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Saudi Arabia announced on Wednesday it had launched military operations in Yemen, carrying out air strikes in coordination with a 10-country coalition seeking to beat back Houthi militia forces besieging the southern city of Aden where the country's president had taken refuge.
At a news conference in Washington, Saudi Ambassador Adel al-Jubeir said Gulf Arab allies and others had joined with the desert kingdom in the military campaign in a bid "to protect and defend the legitimate government" of Yemen President Abd-Rabbu Mansour Hadi. He declined to give any information on Hadi's whereabouts.
With the Saudi-led military assault, the Middle East's top oil power has been drawn into the worsening Yemeni conflict.
The crisis risks spiraling into a proxy war with Shi'ite Iran backing the Houthis, whose leaders adhere to the brand of Shi'ite Islam, and Saudi Arabia and the other regional Sunni Muslim monarchies backing Hadi.
"We will do whatever it takes in order to protect the legitimate government of Yemen from falling," Jubeir said.
But he declined to give any information on the whereabouts of Hadi, though he said the military action was being taken at the embattled U.S.-backed leader's direct request. The United States said earlier that Hadi, holed up in Aden since fleeing the Houthi-controlled capital Sanaa last month, was no longer at the compound he has been using as a base.
Jubeir said the United States was not participating in the military campaign but a U.S. official said Washington was providing some unspecified support. He said the mission would not be limited to a specific city or region of Yemen, suggesting that the coalition's warplanes could strike the Houthis anywhere they choose.
Houthi militia forces and allied army units seized Aden airport and a nearby air base on Wednesday, tightening their grip on the outskirts of the southern Yemeni city.
"We were in touch with him earlier today," State Department spokeswoman Jen Psaki told a briefing in Washington. "He is no longer at his residence. I'm not in position to confirm any additional details from here about his location."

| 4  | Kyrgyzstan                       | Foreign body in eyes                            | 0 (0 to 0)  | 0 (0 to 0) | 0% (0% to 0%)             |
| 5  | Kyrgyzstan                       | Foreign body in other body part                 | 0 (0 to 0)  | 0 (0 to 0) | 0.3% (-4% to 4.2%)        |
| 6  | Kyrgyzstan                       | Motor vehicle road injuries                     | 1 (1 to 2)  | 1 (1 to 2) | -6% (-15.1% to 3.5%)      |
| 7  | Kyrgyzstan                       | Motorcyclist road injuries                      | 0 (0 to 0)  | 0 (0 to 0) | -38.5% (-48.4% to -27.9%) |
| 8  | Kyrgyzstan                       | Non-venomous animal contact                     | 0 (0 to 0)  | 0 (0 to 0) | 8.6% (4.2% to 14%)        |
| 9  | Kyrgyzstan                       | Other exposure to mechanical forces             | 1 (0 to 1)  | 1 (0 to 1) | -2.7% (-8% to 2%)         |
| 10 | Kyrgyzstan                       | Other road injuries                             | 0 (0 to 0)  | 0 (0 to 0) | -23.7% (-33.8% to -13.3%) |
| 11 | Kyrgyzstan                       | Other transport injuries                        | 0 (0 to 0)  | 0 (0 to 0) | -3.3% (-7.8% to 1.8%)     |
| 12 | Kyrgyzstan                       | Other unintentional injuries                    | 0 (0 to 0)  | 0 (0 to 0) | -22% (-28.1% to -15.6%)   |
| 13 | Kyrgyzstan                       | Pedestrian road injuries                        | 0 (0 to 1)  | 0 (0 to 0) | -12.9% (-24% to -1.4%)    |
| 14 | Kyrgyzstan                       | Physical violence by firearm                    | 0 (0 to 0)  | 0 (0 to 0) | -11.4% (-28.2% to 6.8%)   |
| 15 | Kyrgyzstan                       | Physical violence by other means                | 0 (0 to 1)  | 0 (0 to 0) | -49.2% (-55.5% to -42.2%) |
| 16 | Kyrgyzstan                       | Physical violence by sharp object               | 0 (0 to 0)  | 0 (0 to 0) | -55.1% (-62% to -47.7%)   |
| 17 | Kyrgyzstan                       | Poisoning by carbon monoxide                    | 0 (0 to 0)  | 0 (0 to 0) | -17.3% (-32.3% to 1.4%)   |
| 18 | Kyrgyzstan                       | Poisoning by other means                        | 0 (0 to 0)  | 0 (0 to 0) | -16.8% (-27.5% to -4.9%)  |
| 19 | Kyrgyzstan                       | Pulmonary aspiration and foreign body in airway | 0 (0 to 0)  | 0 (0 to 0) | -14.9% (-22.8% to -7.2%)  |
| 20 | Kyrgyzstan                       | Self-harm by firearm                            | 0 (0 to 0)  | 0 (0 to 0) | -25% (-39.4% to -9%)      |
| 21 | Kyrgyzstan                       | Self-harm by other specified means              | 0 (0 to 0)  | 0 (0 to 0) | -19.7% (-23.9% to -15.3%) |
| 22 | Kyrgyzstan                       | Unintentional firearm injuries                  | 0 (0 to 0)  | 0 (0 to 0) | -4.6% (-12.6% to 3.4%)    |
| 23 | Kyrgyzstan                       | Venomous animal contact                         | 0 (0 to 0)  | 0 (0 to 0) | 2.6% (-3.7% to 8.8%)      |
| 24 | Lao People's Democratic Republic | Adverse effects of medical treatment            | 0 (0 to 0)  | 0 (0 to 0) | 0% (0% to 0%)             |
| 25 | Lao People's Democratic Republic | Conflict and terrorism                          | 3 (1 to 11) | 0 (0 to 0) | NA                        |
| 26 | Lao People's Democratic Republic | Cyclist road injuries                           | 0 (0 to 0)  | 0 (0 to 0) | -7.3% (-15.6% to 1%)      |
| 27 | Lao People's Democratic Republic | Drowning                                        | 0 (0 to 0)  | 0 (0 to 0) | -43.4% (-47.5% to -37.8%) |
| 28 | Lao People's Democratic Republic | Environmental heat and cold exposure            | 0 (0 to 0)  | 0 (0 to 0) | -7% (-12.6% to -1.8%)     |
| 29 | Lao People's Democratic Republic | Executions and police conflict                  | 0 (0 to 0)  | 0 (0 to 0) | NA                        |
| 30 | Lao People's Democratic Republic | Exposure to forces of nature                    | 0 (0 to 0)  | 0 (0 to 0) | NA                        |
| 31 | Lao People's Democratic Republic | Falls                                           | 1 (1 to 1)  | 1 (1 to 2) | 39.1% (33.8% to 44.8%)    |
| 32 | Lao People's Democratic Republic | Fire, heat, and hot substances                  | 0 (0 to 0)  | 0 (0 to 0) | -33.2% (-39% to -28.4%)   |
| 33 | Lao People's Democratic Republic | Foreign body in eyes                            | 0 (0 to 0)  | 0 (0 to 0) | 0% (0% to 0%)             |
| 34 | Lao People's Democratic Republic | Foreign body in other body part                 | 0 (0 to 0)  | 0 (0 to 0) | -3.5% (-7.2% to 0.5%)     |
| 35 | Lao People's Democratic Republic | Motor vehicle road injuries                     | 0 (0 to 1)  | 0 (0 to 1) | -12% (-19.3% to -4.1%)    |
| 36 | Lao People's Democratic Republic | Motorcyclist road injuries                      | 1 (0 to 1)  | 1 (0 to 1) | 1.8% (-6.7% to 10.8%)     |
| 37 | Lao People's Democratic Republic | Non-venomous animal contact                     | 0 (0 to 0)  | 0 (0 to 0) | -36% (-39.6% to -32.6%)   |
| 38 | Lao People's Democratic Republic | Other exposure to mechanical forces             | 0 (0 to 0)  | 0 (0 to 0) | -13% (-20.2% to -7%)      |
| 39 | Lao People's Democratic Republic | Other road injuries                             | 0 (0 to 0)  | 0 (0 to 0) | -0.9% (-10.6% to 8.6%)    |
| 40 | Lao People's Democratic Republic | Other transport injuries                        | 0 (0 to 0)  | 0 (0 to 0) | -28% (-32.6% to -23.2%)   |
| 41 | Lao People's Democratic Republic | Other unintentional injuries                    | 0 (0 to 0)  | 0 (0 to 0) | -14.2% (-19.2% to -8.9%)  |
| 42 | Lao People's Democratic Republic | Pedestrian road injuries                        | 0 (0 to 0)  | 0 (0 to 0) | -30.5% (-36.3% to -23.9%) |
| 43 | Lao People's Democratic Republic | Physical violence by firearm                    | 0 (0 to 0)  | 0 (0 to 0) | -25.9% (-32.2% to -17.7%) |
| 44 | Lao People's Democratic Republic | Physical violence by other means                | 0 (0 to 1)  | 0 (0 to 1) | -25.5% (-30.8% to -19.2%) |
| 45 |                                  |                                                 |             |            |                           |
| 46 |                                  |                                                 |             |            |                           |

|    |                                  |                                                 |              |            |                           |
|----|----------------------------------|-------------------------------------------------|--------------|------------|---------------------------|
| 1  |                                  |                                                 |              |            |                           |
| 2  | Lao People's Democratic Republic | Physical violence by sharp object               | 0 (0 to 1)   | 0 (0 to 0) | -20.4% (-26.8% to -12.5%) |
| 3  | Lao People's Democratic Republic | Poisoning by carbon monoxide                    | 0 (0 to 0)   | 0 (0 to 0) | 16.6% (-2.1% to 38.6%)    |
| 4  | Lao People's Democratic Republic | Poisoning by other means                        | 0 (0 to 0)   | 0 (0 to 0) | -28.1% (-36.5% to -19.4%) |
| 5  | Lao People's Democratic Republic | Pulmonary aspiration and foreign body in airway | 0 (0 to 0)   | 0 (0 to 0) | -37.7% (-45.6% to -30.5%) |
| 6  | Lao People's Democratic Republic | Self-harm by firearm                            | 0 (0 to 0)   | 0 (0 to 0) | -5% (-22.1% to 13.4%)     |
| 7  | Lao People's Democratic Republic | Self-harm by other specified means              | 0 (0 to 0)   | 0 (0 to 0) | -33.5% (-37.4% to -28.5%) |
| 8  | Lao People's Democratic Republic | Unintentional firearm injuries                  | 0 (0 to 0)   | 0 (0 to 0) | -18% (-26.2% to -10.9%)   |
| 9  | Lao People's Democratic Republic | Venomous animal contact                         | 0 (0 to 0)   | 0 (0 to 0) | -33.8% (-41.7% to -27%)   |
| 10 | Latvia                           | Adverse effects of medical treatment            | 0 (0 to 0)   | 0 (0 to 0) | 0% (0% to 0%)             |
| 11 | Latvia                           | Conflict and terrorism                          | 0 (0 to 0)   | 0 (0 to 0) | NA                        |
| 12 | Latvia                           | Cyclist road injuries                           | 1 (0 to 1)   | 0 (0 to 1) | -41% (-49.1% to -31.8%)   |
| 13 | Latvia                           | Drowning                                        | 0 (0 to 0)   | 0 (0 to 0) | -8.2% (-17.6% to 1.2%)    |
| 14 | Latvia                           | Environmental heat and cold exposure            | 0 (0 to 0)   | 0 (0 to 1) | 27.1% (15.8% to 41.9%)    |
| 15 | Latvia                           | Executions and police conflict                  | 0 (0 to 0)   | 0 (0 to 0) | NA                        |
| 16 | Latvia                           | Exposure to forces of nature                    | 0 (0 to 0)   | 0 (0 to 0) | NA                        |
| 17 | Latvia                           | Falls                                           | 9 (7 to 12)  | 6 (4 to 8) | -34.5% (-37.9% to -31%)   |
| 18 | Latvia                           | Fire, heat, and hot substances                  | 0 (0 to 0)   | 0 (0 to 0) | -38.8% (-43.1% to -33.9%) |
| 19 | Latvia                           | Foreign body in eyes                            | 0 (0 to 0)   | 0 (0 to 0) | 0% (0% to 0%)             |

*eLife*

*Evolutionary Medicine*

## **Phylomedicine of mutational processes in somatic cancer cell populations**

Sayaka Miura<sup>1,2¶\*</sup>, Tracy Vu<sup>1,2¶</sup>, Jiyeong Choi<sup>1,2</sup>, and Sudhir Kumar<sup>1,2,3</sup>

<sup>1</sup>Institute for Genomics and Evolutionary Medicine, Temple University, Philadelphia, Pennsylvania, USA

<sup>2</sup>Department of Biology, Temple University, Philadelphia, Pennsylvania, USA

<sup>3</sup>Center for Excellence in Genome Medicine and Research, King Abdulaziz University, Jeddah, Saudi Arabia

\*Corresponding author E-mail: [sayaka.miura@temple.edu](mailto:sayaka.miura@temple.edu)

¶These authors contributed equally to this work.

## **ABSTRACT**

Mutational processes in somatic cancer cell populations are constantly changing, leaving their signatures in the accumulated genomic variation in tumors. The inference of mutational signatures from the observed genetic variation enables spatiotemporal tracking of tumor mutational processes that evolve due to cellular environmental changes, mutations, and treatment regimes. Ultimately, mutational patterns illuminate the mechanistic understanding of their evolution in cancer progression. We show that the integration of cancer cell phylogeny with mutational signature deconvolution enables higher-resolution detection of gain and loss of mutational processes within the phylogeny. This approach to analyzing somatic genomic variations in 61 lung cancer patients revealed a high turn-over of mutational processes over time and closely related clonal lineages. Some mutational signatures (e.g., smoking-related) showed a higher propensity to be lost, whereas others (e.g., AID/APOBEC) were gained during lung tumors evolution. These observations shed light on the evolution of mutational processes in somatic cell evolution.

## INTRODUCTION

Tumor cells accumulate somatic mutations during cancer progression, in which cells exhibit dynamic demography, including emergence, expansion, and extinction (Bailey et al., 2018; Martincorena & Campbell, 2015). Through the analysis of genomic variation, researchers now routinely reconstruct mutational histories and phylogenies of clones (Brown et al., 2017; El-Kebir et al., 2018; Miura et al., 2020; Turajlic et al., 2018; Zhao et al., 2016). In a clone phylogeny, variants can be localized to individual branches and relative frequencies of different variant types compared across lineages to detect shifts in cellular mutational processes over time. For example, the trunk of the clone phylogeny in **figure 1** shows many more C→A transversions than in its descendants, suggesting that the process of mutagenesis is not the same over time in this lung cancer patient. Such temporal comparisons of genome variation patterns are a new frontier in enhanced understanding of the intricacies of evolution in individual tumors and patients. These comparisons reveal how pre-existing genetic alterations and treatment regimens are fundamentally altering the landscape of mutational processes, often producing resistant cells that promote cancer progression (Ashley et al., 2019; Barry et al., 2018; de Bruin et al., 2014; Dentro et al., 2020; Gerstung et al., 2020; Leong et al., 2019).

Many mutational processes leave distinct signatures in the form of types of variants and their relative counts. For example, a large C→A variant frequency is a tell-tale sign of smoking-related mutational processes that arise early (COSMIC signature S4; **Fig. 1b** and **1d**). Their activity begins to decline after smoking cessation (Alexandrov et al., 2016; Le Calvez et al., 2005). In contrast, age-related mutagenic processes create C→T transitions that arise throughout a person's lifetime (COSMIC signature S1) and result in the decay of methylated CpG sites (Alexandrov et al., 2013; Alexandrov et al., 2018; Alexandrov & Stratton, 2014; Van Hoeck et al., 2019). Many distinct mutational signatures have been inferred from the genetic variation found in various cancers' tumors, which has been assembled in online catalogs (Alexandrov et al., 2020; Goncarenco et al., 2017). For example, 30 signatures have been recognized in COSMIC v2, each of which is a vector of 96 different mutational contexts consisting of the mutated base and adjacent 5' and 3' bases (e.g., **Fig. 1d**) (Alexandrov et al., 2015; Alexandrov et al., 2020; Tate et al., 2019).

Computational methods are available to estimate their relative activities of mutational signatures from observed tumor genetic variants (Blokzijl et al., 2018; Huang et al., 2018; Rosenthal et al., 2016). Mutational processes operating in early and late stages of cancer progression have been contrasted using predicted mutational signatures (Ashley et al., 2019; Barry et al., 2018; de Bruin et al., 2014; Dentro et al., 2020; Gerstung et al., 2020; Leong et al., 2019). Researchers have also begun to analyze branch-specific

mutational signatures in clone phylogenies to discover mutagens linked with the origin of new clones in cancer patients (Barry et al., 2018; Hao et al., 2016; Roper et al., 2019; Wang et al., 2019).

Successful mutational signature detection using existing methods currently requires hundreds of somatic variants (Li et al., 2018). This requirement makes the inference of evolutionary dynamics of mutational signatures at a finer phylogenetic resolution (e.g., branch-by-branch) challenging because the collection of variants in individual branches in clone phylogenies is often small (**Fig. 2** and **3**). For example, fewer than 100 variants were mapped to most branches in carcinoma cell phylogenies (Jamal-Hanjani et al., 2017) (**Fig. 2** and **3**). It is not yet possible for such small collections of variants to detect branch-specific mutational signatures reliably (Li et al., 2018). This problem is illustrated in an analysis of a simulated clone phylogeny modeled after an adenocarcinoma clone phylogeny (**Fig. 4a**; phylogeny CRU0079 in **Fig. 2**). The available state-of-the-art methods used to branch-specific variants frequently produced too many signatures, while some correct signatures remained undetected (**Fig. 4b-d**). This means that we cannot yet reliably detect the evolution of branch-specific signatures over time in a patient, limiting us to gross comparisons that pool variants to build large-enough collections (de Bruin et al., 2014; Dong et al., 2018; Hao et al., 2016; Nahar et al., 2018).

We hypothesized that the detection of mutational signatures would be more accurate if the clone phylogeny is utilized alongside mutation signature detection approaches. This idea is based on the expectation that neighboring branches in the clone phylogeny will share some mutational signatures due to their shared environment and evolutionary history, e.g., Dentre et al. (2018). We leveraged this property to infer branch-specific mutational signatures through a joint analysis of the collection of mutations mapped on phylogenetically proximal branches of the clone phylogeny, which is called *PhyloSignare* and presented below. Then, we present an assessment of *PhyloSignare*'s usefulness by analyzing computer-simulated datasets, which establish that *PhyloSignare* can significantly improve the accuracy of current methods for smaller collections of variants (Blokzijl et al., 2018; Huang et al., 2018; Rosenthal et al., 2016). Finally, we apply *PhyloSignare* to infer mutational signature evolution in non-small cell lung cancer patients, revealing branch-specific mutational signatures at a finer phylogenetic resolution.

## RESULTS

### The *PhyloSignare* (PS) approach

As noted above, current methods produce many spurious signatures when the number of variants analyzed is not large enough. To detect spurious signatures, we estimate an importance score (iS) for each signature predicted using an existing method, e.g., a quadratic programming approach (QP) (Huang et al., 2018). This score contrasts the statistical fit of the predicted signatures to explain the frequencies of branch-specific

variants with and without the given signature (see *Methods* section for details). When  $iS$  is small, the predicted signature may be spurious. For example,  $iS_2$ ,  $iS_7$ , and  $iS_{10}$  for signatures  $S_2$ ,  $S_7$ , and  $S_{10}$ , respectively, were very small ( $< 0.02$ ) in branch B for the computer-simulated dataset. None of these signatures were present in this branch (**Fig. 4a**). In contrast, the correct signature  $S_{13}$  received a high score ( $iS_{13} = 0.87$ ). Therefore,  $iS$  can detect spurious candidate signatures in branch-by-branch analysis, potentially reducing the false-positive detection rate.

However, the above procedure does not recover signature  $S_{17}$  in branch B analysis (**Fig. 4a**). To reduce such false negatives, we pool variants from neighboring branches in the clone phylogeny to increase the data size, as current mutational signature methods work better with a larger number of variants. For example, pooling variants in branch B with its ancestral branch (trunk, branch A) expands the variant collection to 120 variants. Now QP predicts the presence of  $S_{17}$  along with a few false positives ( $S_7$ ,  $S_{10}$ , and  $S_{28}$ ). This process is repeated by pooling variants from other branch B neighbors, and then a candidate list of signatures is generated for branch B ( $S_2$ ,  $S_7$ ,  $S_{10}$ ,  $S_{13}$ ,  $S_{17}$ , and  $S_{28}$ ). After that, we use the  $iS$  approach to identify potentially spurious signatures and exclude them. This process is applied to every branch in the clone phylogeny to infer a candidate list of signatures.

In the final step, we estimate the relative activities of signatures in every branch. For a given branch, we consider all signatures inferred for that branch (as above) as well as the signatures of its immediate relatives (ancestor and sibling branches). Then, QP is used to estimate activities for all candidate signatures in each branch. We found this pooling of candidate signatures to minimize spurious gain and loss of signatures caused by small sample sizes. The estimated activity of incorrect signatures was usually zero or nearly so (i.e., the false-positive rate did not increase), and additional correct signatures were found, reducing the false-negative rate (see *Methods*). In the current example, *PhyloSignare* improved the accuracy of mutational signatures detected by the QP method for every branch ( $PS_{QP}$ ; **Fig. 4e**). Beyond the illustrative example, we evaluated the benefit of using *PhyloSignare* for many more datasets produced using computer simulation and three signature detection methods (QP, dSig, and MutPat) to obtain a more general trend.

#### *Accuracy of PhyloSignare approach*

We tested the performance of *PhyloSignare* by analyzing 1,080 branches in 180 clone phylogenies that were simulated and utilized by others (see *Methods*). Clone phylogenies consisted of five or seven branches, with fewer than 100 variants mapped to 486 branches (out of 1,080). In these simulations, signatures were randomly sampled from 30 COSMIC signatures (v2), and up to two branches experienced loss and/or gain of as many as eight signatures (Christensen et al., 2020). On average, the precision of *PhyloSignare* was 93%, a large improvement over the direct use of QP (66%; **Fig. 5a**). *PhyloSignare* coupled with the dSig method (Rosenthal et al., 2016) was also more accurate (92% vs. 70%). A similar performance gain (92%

Residents later said looters had entered the residence hours after Hadi vacated it in mid-afternoon for an unknown location. Foreign Minister Riyadh Yaseen and Hadi's aides said Hadi remained in Aden, in a safe place, without elaborating.
Local officials said troops loyal to Yemen's ex-President Ali Abdullah Saleh, a powerful ally of the Houthis, had captured Aden airport in late afternoon but that clashes with Hadi supporters were continuing in the vicinity. The airport was closed and all flights were cancelled.
Earlier the Houthis and their allies took al-Anad air base 60 km (37 miles) north of the city before continuing their southward advance.
Yemen's slide toward civil war has made the country a crucial front in mostly Sunni Saudi Arabia's rivalry with Shi'ite Iran, which Riyadh accuses of stirring up sectarian strife through its support for the Houthis.
Sunni Arab monarchies around the region have condemned the Shi'ite Houthi takeover as a coup and have mooted a military intervention in favour of Hadi in recent days.
U.S. officials said earlier that Saudi Arabia was moving heavy military equipment including artillery to areas near its border with Yemen. But Saudi sources said earlier on Wednesday that the build-up, which also included tanks, was purely defensive.